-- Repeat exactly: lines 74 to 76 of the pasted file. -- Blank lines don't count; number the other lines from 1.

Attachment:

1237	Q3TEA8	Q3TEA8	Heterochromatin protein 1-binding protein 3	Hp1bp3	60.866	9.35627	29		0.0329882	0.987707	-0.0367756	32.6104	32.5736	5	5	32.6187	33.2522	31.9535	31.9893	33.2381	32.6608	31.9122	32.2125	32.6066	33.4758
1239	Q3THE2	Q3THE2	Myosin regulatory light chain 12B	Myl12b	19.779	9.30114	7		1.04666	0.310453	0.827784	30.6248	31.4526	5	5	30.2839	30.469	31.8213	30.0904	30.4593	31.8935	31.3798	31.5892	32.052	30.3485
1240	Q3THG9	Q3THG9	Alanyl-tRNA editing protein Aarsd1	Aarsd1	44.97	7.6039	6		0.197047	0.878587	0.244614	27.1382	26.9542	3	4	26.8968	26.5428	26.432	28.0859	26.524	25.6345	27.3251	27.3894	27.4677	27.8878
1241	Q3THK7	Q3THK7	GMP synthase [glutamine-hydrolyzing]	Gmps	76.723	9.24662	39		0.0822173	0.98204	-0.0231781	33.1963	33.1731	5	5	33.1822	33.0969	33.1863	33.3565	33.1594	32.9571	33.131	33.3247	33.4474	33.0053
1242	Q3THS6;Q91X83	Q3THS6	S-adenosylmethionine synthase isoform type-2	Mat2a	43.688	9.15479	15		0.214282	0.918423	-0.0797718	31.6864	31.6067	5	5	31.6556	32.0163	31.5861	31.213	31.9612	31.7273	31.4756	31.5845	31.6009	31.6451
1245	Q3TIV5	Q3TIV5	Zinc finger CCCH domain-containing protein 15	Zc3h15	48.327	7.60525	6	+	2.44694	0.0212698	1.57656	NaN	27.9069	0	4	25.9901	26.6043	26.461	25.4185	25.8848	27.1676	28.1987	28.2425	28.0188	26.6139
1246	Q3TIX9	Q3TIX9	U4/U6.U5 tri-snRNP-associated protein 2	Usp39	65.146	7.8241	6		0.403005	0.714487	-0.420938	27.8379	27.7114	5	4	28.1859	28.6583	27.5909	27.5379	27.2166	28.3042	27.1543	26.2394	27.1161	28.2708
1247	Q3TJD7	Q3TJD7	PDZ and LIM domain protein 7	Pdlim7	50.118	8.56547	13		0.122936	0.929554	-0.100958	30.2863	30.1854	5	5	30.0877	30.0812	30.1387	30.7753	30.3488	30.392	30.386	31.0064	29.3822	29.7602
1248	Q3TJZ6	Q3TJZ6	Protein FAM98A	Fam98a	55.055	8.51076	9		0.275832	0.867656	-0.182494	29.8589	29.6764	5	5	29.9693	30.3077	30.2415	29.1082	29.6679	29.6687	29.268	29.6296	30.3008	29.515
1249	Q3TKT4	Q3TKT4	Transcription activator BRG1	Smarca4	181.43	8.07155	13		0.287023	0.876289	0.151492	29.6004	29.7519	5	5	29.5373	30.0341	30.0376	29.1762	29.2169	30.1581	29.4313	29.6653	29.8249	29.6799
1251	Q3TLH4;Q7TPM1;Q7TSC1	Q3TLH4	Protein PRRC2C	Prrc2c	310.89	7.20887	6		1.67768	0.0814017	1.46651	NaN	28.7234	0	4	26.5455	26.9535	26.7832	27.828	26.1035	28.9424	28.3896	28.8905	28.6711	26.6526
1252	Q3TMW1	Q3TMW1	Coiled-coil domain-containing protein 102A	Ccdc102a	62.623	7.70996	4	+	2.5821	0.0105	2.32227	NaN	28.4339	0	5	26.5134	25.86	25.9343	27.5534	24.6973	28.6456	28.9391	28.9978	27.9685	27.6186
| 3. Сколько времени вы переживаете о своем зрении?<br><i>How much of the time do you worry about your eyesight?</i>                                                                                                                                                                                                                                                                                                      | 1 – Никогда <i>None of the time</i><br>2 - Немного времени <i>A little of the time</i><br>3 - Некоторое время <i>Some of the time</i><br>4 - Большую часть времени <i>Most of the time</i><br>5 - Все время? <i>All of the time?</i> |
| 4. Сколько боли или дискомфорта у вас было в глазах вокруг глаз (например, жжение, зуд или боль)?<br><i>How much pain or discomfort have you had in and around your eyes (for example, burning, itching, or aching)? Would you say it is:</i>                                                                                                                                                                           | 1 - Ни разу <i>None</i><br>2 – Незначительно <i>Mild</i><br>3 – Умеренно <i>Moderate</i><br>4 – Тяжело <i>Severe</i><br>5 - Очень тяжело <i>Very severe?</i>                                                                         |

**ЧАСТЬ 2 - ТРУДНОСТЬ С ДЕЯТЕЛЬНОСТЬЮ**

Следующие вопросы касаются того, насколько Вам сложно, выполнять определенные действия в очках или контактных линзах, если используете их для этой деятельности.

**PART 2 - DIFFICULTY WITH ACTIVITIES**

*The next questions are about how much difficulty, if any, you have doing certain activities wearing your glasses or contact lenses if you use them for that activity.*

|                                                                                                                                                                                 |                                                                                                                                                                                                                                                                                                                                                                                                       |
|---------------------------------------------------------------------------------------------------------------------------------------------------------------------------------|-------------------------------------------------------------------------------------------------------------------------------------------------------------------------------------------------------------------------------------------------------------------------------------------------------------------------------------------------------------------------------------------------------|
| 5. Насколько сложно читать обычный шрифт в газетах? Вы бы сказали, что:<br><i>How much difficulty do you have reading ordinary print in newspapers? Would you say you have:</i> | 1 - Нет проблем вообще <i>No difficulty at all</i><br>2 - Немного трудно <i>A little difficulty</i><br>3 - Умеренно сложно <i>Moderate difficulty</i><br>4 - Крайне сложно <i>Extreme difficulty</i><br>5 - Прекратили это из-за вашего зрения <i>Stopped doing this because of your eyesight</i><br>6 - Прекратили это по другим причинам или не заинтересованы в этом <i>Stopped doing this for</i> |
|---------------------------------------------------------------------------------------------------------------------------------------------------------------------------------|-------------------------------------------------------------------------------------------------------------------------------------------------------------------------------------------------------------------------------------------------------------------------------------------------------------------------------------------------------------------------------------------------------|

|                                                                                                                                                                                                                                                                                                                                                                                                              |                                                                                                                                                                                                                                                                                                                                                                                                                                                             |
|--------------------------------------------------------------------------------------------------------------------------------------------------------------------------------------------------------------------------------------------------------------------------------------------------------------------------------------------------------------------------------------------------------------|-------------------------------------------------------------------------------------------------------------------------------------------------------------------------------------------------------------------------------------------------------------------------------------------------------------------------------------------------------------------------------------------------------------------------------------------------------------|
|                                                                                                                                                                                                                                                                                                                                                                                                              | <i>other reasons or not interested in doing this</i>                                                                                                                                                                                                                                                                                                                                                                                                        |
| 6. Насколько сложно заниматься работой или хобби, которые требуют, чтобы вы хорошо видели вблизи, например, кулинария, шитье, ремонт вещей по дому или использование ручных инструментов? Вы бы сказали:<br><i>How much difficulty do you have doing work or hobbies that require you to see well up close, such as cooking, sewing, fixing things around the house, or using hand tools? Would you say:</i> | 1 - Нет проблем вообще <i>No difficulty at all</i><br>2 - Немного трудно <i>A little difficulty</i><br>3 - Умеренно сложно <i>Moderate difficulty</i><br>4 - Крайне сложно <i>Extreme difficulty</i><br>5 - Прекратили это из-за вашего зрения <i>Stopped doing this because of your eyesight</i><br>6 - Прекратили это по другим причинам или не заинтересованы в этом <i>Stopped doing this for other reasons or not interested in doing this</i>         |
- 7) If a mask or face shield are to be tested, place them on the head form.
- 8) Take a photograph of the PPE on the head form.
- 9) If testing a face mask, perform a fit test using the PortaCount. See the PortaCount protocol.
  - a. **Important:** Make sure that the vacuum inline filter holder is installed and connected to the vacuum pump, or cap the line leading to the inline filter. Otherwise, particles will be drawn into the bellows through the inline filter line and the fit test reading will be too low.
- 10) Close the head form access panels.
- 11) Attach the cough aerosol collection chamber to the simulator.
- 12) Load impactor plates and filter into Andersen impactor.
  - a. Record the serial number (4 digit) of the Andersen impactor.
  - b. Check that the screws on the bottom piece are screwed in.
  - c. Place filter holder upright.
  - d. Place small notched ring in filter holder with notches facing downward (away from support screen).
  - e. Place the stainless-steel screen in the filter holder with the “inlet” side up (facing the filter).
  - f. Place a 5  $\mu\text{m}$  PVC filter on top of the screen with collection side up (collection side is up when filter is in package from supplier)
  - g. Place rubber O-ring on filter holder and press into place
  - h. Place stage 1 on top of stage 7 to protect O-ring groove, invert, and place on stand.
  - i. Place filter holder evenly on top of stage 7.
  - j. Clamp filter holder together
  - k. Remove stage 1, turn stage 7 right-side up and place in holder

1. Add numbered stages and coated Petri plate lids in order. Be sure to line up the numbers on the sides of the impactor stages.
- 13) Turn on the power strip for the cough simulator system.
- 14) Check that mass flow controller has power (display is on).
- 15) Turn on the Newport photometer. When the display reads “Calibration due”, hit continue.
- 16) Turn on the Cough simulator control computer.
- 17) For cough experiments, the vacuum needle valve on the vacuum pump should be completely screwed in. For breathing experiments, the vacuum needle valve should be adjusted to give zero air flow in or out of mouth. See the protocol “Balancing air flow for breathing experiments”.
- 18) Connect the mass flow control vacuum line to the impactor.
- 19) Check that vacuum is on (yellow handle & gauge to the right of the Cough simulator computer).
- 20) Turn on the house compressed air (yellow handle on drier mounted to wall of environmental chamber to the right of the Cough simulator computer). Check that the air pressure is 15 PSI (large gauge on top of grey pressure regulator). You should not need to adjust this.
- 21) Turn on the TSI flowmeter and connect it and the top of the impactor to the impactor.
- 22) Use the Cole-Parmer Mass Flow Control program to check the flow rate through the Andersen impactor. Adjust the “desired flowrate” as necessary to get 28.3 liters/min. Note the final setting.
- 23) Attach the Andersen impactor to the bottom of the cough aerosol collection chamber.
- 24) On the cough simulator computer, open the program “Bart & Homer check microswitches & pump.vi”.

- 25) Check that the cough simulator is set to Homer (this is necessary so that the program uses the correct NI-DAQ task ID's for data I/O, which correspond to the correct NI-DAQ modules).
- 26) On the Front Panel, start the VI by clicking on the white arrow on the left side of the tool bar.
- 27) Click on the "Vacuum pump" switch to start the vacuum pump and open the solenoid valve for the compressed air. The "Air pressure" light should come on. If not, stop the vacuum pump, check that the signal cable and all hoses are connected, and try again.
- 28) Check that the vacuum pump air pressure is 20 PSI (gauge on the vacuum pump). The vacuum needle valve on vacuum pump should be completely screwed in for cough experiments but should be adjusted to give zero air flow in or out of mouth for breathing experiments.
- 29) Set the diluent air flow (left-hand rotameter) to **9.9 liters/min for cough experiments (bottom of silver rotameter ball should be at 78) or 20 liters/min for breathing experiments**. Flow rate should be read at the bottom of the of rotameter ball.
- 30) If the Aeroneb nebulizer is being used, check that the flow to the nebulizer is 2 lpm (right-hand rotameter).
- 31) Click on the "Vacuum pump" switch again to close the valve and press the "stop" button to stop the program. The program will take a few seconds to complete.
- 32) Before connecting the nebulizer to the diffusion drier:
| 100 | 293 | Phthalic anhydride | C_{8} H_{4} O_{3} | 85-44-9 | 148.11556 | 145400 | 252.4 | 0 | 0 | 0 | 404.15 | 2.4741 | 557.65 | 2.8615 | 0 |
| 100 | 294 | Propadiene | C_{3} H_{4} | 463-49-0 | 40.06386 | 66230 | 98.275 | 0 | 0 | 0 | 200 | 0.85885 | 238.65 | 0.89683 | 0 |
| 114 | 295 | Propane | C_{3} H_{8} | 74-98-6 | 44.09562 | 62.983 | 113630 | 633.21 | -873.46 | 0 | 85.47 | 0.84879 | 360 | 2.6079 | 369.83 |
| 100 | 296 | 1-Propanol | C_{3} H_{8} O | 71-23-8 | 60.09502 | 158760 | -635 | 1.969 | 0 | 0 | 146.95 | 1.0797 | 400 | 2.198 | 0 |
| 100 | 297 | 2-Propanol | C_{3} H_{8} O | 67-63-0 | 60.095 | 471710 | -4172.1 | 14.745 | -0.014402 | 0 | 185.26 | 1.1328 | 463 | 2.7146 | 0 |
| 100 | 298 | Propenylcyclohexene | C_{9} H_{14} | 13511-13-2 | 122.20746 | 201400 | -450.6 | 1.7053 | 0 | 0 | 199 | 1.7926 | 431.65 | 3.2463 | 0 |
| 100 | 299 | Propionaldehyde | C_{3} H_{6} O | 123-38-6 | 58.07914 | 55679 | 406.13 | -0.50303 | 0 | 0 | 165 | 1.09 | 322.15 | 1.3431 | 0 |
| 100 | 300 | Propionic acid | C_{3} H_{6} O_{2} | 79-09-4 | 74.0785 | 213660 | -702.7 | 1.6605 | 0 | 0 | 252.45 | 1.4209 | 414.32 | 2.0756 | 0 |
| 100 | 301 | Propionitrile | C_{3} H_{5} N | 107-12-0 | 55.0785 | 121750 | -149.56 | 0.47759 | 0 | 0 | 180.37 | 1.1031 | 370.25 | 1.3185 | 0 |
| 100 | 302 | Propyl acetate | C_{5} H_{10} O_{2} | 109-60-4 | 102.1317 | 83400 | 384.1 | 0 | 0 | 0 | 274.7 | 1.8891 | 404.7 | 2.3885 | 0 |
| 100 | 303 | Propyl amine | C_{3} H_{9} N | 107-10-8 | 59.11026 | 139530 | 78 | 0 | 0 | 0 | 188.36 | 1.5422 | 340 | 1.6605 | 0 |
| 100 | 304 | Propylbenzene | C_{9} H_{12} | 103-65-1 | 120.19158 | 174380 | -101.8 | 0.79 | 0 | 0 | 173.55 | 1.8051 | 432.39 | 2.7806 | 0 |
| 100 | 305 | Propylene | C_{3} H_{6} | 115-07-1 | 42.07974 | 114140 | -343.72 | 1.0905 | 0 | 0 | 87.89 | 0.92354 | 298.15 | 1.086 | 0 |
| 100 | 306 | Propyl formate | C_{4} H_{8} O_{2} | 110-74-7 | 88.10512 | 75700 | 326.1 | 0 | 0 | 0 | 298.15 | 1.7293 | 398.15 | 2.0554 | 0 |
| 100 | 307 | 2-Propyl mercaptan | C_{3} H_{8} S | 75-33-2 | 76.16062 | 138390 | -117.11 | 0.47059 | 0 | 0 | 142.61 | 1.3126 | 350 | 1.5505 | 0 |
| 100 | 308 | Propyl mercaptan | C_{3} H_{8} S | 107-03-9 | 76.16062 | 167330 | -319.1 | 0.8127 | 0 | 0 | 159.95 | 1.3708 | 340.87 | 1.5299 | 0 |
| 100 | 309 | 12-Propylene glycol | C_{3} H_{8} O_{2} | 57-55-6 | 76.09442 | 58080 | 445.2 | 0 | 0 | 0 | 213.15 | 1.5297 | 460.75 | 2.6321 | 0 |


| 100 | 301 | Propionitrile | C_{3} H_{5} N | 107-12-0 | 55.0785 | 121750 | -149.56 | 0.47759 | 0 | 0 | 180.37 | 1.1031 | 370.25 | 1.3185 | 0 |
| 100 | 302 | Propyl acetate | C_{5} H_{10} O_{2} | 109-60-4 | 102.1317 | 83400 | 384.1 | 0 | 0 | 0 | 274.7 | 1.8891 | 404.7 | 2.3885 | 0 |
| 100 | 303 | Propyl amine | C_{3} H_{9} N | 107-10-8 | 59.11026 | 139530 | 78 | 0 | 0 | 0 | 188.36 | 1.5422 | 340 | 1.6605 | 0 |